I heard on a podcast from a mastermind that you can Not do a lease option for more than 12 months without it being considered Seller Financing! He said that you can set terms for the Seller for however long you want, but for the Tenant Buyer it cannot extend a year because it is illegal! If your Tenant Buyer needs more time, he said you will have to include an option to extend terms clause in your contract.

Is this correct? Are any of you guys doing this??

Btw, Im new to all of this.....

@Shiloh Lundahl , that is quite interesting. you do NOT apply the option fee to the purchase price  .......... i guess , because your option fee is reasonable , but if someone is optioning a 300,000 house , with an option of 25 K , i am PRETTY sure , they will ask that to be deducted from the final purchase price

@Alex Mikhals we mark our properties up 5-7% above the current ARV to account for inflation. And we set an option price 4% per 100k. So for a 300k house we would charge a 12k option fee and we would not have that go towards the purchase price. If they didn't like that we would tell them that the can purchase it from us right now at market value without the option fee. But if they want the property and are not able to qualify for it right now then they would need to pay the option fee.

I’m needing some advice please. We have a house that we did a lease option to purchase almost 2 years ago and the contract expires in a two months and the renter is trying to back out. He is stating he needs a “newer home” and can’t get “financing”. We had him sign a contract that specifically states he will “forfeit the non refundable option to purchase” if he does not purchase the property. Now he is asking for it back...

@Kimberly Norris I would just have a conversation with the tenant that would go something like:

Tenant: I want my option money back because I need a newer house and I don’t think I’ll be able to qualify for a loan on this one.

Owner: What do you mean?

Tenant: Yeah, I’ve decided not to buy the house so I just want my option money back.

Owner: I hear you. When we originally signed the option agreement, what did you understand the option money was for?

Tenant: Well, I thought that it was going to be part of the down payment like earnest money and now that I’m not not buying the house I want it back.

Now how messy this gets is really up to the way that your docs are written. If they say that the option fee will go towards the purchase and he gets a lawyer involved then you may have a problem. Our docs explain thoroughly that the option fee is just that - a fee. And none of the option fee goes towards the purchase of the property and there are no monthly rent credits that go towards the purchase either. And the lease agreement and the option agreement are two separate documents. Let’s assume that you’re docs are the same or very similar to mine, then this is how I would continue the conversation. If they are not , then I would refund the tenants money and go get better docs.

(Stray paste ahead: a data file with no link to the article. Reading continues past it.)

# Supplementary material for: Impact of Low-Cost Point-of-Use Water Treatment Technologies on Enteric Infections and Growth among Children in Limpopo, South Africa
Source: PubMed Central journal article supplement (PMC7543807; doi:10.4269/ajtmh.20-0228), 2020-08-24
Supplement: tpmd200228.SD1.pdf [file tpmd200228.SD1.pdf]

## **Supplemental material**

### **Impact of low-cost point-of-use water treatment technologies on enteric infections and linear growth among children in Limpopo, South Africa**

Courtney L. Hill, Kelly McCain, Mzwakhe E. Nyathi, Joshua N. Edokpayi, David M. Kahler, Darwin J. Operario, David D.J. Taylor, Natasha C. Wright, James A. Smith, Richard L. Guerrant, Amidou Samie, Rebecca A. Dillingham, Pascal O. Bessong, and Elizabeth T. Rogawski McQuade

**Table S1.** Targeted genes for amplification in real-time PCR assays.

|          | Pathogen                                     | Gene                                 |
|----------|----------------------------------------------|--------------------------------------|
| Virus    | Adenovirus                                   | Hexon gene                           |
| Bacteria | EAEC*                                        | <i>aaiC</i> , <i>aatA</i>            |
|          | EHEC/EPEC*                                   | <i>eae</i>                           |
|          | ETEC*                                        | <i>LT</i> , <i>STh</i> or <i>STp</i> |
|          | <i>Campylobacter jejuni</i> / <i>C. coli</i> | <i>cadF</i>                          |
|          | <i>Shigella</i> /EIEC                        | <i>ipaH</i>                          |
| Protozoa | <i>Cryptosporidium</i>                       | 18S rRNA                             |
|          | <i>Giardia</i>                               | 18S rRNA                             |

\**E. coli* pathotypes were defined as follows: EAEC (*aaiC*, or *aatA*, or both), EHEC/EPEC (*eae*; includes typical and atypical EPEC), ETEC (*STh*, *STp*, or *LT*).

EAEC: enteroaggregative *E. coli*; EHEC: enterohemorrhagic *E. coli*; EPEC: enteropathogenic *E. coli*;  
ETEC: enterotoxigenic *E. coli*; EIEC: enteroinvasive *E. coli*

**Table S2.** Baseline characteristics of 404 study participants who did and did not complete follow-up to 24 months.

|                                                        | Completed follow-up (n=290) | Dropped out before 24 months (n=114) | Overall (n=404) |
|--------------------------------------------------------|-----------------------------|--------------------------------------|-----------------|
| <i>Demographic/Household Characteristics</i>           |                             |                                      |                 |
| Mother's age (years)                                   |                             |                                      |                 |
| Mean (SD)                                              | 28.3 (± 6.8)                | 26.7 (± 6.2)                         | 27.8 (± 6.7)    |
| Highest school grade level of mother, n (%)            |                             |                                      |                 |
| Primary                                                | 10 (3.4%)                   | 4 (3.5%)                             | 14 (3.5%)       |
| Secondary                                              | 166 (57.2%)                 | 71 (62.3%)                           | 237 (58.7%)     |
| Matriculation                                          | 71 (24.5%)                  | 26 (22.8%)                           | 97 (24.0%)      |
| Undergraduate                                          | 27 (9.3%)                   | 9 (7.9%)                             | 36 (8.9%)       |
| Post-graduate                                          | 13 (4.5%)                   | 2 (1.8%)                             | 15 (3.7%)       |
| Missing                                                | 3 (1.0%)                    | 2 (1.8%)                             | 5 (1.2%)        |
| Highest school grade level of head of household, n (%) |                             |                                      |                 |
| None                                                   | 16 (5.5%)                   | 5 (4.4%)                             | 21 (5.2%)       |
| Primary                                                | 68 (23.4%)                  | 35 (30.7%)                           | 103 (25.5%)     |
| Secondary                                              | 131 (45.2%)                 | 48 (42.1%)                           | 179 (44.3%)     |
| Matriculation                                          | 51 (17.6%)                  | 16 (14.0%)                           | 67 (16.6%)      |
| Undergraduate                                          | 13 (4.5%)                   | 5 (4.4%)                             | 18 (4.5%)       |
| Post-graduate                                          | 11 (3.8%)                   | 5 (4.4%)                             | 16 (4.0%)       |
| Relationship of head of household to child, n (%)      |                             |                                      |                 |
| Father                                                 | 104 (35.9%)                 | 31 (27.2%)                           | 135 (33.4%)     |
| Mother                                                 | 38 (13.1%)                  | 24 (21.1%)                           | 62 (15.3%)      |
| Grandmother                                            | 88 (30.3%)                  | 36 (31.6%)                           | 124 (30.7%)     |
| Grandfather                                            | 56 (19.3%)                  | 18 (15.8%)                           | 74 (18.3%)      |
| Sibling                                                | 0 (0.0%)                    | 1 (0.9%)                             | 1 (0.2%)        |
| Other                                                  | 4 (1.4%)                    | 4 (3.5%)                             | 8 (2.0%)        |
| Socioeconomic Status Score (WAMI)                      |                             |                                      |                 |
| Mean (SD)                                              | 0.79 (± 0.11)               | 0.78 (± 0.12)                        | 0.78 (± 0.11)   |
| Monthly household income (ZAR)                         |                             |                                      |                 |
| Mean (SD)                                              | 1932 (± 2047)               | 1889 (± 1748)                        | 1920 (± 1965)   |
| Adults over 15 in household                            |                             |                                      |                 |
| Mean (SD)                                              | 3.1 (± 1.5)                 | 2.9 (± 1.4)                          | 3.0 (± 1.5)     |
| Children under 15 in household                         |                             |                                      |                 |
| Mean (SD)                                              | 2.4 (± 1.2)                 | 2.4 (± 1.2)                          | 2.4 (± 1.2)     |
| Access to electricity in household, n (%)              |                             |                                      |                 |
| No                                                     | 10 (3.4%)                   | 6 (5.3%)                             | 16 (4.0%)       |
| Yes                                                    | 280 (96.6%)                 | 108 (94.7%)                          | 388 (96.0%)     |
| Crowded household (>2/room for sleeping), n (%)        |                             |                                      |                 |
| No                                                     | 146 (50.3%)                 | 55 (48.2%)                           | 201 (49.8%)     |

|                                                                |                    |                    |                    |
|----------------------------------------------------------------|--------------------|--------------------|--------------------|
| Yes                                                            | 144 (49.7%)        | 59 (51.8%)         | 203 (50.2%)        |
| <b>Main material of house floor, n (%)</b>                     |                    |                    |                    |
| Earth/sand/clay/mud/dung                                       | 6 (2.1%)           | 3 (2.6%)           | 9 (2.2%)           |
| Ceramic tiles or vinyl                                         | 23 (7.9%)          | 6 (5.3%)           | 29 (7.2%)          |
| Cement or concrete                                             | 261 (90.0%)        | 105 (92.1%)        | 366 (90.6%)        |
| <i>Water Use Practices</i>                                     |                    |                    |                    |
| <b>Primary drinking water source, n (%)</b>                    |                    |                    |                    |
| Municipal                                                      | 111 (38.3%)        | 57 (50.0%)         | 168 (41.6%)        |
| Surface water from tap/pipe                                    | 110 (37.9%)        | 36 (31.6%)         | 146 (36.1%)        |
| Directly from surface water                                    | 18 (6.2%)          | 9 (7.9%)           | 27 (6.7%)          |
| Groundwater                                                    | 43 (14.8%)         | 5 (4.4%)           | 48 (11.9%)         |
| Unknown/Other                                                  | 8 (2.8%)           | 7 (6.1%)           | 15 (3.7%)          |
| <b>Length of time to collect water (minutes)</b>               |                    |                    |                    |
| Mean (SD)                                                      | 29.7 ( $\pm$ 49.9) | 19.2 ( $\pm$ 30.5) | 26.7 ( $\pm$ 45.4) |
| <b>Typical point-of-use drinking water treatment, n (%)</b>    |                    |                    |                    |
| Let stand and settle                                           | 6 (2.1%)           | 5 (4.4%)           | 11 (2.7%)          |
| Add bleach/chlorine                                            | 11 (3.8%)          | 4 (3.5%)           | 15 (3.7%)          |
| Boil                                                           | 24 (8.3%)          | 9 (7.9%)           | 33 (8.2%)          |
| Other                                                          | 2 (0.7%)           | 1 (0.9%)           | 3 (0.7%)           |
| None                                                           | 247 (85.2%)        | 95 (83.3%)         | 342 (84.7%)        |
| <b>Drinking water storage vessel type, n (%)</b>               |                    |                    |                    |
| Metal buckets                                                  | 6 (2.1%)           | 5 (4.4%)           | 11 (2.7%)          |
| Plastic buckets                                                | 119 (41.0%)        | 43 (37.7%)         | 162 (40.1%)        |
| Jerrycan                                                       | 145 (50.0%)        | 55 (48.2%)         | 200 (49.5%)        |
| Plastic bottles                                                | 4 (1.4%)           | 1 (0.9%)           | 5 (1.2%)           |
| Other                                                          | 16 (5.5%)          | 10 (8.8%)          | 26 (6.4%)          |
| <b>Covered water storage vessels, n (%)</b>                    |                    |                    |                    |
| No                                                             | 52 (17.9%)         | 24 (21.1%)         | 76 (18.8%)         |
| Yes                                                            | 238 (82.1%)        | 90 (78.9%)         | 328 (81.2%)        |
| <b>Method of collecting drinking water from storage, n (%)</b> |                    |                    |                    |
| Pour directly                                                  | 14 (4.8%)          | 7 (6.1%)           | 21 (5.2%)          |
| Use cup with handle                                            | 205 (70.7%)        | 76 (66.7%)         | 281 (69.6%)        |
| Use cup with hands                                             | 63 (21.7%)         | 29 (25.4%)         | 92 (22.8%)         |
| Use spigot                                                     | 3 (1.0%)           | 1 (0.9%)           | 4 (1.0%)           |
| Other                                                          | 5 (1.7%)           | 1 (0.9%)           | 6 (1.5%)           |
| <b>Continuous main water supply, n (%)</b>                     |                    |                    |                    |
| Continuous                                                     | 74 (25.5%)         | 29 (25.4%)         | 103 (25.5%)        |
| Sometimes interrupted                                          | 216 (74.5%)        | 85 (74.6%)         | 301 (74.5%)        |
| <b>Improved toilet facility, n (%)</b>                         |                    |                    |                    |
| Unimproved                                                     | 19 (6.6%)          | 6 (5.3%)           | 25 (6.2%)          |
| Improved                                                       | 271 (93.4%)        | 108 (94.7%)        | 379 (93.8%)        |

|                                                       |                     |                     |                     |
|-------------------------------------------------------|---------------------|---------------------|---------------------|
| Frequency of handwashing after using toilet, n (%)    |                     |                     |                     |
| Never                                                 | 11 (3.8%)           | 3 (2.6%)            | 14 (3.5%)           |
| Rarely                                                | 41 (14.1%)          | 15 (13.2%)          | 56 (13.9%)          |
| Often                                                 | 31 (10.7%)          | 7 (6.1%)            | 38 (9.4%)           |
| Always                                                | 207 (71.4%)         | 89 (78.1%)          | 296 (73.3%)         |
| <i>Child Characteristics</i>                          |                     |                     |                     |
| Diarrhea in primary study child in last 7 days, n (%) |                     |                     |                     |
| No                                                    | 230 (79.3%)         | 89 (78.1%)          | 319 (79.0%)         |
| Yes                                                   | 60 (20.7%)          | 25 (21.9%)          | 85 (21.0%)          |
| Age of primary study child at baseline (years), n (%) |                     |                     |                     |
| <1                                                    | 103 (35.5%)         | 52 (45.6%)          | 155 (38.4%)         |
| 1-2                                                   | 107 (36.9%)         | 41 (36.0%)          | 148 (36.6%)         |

Owner: I got it, that is why you are asking for that option money back, because you believed that it went towards the purchase. Here let’s take a look at the agreement one more time together. (Shows copy of agreement) Here, where it talks about the option money in the option agreement it explains that the option fee is just a fee that one pays for the right to buy the house or not and further down here it states that the option fee does not go towards the purchase of the home. It’s kind of like buying concert tickets. Just because you bought the tickets doesn’t mean you have to go to the concert, but you aren’t able to go back to the ticketing booth and ask for a refund for the tickets because you decide not to go. But really, I’d love to give you that option fee back, you’ve been a great tenant, however, if I deviate from the lease agreement or option agreement then I open myself up to all sorts of legal problems for not following the contracts and showing favoritism towards certain tenants and not others and from what I’ve learned over years of being a landlord is to always follow the contracts. But this is what I can do for you, if the home is nice and clean, and everything is in working order, then I can give you back all of your security deposit. I wish I could do more, but that is really the best that I will be able to do.

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Great info in this thread!  Does anyone know the technicalities of setting up a LO with a seller that has tenants currently in place?  How do you navigate the lease that is between the seller and their existing tenant?  I would assume that lease still holds water but the lease isn’t between you and the current renter which makes it a bit weird.  Is this even possible?

@Marc Izquierdo I’ve never heard of an owner selling a property on a lease option to someone when they already have a tenant who is leasing the property. Instead, they sell the property with the current lease in place.  They may also sell the property “subject to” and you take the property over and then the lease with the current tenant becomes a lease with you.

@Shiloh Lundahl thanks that’s good to know.  I guess since the property is already leased out, they wouldn’t really need another lease.  Just wanted to see what to expect.  I appreciate the input.